Aside

This Week’s M.A.S.H. Up: Pantsing, Planning, and Plot

M.A.S.H.

How to Play: 

On the left, list three names. This is who you’ll marry. 

On the right, list three occupations. This is what you’ll be. 

On the bottom, list three numbers. This is how many children you’ll have. 

Note: You must include one undesirable item for each category. 

M. A. S. H. – Each letter stands for a different type of housing: Mansion, Apartment, Shack, House. This is where you’ll live.

Now have your friend draw a spiral until you shout STOP! 

Count the lines and proceed clockwise, crossing off whatever lands on that number. 


My friends and I used to play this little game when we were kids. 

The thrill is in the tension as your fate unfolds. It’s only fun because something bad could happen. 

The same idea applies when building a good plot. 

Plot.

It’s the part of writing I get stuck with the most. 

I once spent more than three months trying (and failing) to find a suitable ending for a short story whose length totaled just 3000 words.

Meanwhile, Stephen King is off writing 2,000 words a day. That’s 730,000 words a year, and all by the seat of his pants. 

In the writing world, “pantsers” are writers who plot out their stories in advance. 

Others prefer to outline. They map out a sketch (detail included can vary widely) of a complete story before they begin to write. 

Personally, I like a combination of both. 

With Jinni Bert: Introvert, Sixth Grade Stinks, I began with a single scene that I could visualize clearly in my mind. I drafted it quickly while the idea for the rest of the story brewed in my head.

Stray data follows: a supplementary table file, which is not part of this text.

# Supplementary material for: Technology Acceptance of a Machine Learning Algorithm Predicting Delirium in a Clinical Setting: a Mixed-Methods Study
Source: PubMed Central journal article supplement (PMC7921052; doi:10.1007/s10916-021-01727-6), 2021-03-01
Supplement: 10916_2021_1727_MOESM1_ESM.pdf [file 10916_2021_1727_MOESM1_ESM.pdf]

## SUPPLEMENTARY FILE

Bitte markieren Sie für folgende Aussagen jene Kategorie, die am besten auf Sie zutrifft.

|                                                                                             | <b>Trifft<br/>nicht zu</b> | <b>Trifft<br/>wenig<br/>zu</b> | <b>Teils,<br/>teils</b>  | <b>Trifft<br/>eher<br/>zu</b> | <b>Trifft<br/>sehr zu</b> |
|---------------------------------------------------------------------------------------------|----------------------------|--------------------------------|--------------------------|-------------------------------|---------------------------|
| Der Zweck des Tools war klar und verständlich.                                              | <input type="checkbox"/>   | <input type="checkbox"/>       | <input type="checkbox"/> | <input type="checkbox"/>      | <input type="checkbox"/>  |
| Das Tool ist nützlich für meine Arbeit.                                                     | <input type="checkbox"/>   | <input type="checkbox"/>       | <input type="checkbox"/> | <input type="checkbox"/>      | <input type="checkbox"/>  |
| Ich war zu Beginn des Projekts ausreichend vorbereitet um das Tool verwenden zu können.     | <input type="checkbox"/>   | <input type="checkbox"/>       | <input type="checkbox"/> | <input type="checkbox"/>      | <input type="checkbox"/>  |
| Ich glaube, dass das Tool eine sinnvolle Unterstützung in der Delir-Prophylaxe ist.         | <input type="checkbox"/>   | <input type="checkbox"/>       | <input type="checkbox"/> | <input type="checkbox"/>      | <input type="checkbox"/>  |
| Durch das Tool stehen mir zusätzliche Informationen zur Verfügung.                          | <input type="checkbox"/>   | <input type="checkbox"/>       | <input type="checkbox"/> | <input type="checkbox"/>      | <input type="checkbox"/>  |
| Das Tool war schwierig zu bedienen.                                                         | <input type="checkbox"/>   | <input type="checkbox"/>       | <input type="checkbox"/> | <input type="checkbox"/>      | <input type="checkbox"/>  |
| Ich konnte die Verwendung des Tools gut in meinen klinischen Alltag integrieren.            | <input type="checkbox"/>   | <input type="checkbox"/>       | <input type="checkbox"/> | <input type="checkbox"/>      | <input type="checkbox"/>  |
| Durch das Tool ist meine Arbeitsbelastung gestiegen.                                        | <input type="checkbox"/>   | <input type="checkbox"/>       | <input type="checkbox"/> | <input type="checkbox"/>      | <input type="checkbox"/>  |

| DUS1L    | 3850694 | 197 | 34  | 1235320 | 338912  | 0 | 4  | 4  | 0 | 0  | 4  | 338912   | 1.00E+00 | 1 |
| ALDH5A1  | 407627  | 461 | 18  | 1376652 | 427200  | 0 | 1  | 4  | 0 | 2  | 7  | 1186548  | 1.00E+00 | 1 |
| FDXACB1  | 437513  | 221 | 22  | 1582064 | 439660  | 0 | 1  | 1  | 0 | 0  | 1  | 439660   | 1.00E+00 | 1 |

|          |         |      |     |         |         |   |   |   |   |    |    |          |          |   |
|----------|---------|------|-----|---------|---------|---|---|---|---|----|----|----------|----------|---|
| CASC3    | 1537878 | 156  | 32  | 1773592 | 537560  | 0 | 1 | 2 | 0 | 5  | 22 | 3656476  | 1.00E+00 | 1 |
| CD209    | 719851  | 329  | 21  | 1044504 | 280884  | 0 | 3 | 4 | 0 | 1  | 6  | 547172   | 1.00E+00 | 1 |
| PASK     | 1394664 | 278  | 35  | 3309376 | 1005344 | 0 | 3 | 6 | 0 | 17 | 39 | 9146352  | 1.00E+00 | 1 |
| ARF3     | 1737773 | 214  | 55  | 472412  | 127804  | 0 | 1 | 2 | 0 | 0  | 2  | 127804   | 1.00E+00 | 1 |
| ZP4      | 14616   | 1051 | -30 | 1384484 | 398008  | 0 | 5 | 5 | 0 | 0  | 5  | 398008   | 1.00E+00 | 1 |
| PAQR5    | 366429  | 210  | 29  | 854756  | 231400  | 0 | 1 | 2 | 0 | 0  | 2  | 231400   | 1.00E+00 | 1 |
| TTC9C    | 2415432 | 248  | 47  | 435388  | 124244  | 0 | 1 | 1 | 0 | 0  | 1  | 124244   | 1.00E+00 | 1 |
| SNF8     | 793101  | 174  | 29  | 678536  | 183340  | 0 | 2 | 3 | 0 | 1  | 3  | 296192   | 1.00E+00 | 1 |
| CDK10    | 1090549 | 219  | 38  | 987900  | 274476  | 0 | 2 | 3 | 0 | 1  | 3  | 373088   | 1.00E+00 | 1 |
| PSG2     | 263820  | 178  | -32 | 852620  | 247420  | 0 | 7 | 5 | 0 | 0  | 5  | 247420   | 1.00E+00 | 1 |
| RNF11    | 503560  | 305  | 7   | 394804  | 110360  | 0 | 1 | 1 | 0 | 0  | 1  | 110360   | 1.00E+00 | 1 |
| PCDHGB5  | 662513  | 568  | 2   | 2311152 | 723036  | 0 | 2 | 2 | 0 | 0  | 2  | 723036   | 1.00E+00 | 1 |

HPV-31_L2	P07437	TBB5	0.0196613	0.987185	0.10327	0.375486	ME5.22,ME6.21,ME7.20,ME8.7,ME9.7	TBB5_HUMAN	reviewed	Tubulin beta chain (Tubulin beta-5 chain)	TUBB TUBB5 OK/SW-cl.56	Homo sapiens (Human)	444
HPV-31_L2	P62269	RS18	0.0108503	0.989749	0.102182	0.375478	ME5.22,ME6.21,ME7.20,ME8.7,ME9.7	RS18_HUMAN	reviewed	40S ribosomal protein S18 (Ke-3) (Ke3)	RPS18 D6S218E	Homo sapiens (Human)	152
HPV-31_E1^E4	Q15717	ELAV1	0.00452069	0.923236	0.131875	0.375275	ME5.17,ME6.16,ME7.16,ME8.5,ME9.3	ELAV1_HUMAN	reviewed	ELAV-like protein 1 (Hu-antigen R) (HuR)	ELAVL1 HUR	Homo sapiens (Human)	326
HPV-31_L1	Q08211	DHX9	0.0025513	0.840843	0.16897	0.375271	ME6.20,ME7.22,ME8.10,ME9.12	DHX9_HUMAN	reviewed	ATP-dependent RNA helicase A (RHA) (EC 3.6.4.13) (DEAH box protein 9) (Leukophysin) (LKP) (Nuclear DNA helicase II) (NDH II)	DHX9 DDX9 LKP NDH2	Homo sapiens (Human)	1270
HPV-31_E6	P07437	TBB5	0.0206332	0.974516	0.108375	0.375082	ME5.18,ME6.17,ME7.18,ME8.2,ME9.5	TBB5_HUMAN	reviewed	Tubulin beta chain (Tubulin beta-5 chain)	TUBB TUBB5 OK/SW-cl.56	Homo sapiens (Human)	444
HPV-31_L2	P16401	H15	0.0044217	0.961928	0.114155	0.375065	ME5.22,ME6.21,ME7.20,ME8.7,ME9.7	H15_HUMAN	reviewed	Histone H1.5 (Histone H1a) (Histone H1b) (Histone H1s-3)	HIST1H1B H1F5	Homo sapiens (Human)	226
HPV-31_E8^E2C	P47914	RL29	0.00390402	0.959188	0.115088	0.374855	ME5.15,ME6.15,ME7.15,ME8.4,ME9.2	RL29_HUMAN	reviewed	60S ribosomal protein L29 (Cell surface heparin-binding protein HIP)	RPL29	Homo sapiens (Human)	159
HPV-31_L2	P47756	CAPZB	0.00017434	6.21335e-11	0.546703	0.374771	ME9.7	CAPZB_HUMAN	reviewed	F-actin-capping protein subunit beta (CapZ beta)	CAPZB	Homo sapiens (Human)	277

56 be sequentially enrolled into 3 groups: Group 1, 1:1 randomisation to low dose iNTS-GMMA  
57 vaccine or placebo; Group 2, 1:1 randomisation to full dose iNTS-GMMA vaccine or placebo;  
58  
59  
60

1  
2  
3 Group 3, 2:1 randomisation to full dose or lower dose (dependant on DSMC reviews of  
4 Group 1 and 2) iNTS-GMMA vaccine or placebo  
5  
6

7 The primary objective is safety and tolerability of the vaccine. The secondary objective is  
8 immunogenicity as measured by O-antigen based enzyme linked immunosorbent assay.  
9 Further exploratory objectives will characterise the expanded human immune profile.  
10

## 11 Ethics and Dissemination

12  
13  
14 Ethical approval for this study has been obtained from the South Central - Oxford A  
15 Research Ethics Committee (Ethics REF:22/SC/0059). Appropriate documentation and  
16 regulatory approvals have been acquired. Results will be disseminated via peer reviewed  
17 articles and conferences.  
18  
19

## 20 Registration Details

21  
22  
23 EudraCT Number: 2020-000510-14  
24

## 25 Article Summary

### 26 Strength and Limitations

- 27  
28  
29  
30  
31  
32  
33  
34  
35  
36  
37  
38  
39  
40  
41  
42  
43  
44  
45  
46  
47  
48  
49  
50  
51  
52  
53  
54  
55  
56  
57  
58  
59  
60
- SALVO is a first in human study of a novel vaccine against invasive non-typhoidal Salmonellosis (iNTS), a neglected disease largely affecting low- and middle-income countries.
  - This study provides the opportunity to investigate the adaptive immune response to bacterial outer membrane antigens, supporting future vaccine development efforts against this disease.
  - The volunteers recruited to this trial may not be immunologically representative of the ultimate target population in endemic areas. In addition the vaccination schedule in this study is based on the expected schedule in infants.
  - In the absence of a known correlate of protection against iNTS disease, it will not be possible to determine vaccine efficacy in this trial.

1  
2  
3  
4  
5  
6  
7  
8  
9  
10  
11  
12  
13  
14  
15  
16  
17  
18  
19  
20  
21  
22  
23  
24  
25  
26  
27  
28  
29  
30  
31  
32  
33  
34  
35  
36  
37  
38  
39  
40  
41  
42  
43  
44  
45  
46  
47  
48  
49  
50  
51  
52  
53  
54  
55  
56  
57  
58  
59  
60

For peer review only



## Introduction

Next, I outlined the structure of my book, using key event points to drive my main plot. I repeated this process for each of my subplots. 

Once I had the bulk of my story sorted out, I used color-coded note cards to write out each scene. I spread my notecards out on three tables and weaved them together in an order that worked. 

Behold:


 

Just couldn’t keep that index finger out of the shot…

Then I put the cards in a stack and began to write.  

Outlining made a huge difference for me. The words flowed more easily than they ever have in the past. 

As my story developed, I still had moments where I wrote by the seat of my pants—some plot points changed, an idea sparked over here or my character did something unexpected over there. And I still had moments where I hit a roadblock…

But thanks to my roadmap, I never got lost.